Is there life, after death? I'm sure that every one of us has asked ourselves that question at one time or another, especially after a close brush with it. I'm not here to debunk other people's claims, I just wish to give you my personal perspective on it, having come back from death a few times. Here is my story.

On March 18, 1970 my boss and I picked up his 1965 Corvair convertible at a reputable service-center, in Saugus, Massachusetts. He drove me down to Brockton, Massachusetts and took me to his home where we would be spending the night. Ed introduced me to his mom and dad, and we went out and hit some bars. After a fun night, we decided to call it quits. We gassed-up before going home. Coming out of the service-station, onto a long straight road, Ed wanted to see how well they had tuned-up his car; he asked me first. I gave him the nod, knowing he was a skilled driver.

He wound it out...first gear...second...third. We must have been doing 80-90 miles per hour when we both heard a loud "WHOOMP!" The right-front wheel had blasted through the right fender, and we left the road at a 90 degree angle, to the right, through a set of hedges.

Time almost stood still. Lucky it was 2AM, and nobody was sitting at a picnic-table in their back yard. We hit it at high speed and I watched it disintegrate in slow-motion; I could see each individual piece fly through the air. To my horror I could see an oak tree, some three feet in diameter, 60 feet in front of us. I knew we were going to hit it, head on. In that ultra-micro-second, I knew we were going to be dead. Instinctively, I put both feet up on the dash and braced for the impact I knew was to come. Time slowed even more, my whole life played out for me on Gods' big movie-screen. I will never forget it. Just two feet from impact I blacked-out. God and his Mercy.

Much to my surprise, I awoke in the car, the wind-screen was gone, and the tree was now just two feet in front of my face. My knees were up behind my ears. Ed was conscious, too. He told me not to touch my face. Ed's right-femur was fractured, compound, and impaled into my left buttock...we were then true "blood-brothers." My right hand, and both ankles were crushed between the dash and my seat. I knew I was hurt very badly, but felt no pain. (We were told later that the gas-tank was pushed out the driver's side of the car and did not rupture, and that we were fortunate that it was filled to the brim or it would have exploded!)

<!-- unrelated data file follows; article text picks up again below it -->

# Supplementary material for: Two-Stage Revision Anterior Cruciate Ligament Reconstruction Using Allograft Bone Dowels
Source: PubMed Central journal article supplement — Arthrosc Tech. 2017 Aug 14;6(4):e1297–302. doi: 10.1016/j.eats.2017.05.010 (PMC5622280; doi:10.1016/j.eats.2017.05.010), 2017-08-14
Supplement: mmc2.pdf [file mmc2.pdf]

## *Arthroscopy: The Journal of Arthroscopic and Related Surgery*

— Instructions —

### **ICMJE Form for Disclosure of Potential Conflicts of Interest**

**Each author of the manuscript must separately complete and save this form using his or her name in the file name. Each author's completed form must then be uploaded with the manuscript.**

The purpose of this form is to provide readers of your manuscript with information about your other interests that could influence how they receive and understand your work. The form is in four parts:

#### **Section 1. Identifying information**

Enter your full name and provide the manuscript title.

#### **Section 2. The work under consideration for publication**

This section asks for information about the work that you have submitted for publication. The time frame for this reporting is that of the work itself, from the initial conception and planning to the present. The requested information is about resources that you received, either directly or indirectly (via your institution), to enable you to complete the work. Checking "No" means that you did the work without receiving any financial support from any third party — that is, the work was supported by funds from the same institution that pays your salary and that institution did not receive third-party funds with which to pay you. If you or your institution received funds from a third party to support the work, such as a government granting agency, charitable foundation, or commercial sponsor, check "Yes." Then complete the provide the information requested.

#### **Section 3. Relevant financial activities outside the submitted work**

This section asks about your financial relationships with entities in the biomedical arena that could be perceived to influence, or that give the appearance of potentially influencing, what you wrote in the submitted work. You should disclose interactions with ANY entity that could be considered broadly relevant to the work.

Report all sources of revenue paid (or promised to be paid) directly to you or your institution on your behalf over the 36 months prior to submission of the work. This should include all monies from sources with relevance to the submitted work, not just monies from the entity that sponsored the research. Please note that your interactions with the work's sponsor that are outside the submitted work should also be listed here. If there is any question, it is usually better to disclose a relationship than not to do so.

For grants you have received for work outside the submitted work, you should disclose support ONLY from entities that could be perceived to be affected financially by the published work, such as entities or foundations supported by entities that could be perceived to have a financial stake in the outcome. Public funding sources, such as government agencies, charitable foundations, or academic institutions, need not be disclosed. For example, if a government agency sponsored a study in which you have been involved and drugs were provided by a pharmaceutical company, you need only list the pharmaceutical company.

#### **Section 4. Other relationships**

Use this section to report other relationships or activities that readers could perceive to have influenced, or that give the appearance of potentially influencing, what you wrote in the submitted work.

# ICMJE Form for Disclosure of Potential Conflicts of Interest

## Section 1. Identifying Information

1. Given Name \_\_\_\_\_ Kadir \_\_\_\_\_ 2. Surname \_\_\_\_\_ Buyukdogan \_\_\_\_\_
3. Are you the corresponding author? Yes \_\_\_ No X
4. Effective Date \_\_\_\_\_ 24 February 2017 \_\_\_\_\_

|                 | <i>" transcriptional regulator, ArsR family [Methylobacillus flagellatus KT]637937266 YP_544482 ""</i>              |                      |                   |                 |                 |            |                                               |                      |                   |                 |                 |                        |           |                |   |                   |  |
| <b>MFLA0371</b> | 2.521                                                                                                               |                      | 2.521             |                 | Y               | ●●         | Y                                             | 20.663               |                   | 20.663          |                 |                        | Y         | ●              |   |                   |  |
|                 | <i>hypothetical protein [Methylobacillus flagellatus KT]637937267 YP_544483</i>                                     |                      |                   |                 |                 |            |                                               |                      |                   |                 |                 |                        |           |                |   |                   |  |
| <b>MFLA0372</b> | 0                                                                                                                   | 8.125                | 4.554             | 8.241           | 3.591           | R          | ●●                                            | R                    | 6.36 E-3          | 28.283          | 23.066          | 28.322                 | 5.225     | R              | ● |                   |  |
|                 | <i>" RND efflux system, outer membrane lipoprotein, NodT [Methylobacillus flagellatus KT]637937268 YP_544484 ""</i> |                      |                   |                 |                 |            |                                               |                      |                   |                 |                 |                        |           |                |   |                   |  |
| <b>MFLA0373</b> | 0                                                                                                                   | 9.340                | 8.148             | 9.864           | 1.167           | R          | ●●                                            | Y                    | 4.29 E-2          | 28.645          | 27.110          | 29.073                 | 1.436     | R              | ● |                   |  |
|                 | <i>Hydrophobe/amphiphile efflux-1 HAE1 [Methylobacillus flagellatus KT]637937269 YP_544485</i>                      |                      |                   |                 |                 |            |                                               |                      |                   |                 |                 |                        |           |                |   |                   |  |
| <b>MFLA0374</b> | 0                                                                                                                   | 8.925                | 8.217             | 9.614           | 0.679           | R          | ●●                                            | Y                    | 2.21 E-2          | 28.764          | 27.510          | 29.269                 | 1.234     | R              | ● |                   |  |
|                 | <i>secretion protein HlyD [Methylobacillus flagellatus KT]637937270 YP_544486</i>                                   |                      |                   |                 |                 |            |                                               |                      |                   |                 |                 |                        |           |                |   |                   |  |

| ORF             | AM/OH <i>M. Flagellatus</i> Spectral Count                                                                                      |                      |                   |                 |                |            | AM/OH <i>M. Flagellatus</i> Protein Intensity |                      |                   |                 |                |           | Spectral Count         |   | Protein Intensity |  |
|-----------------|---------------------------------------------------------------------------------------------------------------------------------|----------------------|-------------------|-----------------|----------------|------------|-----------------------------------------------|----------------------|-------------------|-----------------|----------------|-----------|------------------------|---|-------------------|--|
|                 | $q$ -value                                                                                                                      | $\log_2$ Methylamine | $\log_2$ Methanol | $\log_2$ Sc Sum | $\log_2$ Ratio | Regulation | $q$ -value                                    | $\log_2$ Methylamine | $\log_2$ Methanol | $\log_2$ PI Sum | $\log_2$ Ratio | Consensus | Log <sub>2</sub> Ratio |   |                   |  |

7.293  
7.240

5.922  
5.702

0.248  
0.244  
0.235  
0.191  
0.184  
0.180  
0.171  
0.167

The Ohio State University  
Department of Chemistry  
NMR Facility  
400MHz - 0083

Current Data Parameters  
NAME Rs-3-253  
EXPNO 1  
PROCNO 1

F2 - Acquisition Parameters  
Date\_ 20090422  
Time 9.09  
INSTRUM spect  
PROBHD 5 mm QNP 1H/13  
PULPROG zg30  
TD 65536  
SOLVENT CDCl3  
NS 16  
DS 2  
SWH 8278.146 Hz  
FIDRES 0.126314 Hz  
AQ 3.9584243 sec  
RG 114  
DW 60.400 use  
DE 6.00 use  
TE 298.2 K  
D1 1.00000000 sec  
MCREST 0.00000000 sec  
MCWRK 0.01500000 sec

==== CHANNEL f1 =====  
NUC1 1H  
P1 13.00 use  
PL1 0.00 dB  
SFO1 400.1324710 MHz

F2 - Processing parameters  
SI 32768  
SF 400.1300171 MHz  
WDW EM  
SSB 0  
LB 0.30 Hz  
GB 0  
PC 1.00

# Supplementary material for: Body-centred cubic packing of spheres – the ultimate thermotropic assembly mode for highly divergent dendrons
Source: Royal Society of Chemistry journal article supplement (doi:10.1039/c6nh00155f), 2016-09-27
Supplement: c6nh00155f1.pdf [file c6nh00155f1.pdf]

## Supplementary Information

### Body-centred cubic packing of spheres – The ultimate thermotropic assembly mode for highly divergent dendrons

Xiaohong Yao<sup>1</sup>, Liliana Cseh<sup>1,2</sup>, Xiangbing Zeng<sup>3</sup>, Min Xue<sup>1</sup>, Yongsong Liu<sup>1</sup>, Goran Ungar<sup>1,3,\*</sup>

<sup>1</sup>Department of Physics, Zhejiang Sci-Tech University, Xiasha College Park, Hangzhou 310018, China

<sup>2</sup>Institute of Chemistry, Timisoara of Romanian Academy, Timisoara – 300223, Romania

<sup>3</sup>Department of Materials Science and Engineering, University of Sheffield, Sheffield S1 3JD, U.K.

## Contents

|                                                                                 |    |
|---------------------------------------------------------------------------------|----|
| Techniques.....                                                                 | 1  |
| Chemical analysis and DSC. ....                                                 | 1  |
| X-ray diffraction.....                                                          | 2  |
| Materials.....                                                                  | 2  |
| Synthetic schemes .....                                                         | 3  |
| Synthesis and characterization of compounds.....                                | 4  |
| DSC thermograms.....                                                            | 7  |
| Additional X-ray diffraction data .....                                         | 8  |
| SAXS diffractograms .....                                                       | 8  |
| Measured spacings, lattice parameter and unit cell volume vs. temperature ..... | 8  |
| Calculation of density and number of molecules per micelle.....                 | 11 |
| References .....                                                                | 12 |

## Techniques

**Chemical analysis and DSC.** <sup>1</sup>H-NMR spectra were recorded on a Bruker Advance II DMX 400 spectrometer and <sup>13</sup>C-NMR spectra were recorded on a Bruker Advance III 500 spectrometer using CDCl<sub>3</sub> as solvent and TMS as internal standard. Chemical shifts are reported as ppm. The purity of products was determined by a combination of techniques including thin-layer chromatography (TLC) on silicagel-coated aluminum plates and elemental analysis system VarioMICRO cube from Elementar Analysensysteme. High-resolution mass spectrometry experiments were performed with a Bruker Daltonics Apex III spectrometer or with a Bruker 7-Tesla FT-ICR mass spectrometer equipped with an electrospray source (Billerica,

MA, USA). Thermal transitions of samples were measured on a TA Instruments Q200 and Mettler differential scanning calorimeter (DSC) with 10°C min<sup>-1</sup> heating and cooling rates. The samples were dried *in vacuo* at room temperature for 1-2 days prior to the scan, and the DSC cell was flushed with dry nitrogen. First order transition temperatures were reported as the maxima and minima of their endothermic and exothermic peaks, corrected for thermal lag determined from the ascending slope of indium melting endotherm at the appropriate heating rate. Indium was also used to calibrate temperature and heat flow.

The Brockton Fire Department Rescue Unit arrived in minutes, God bless them all, they saved my life! They chained the car to the tree, then ripped the convertible roof off the car using a wrecker. A fireman came up behind me, and told me they were going to take me out. Please do! The fireman gave a yell, and slid his hands under my armpits. There was a loud metal-grating sound as the wrecker pulled on the rear of the car, and the car came apart, releasing me. I blacked out as the fireman began to lift me.

I awoke in the ER of a hospital...I could tell it was the ER by the bright lights shining in my face. A doctor asked me my name and I told him. He asked where I lived, I told him. The doctor told me to count from three, to one. I never made it to two.

I awoke, again, ten days later. I was lying flat on my back in ICU. I had tubes coming out of everywhere. Dr. William Donahue, a bright, cheerful man whom I liked instantly, told me that I was in Cardinal Cushing General Hospital, in Brockton. He had more to tell me: That I was one lucky guy. That I was DOA, and it was lucky they recusitated me, immediately. If my wreck happened more than just one mile from this hospital, I would be dead now. Had it been just 30 seconds more, before they got me to the ER, I would have been brain-dead. I was lucky this hospital was one of the two in the whole USA that had the new experimental defibrillators, the paddle they shock you back to life with. (Massachusetts General Hospital being the one other.) He told me I died no less than four times in ICU over the past ten days.

Dr. Donahue told me all the injuries I had suffered. Nothing had been done to me yet, they had to get me stable, first. I had both ankles pulverized. My right femur had the ball broken off, both ends. Fractured pelvis. Fractured right wrist, with two broken fingers, little and ring. Fractured skull with minor brain damage. Upper jaw, and lower jaw, fractured. The whole right side off my face was crushed. Collapsed right lung...I had a large tube inserted to drain it. In other words, I was a basket-case.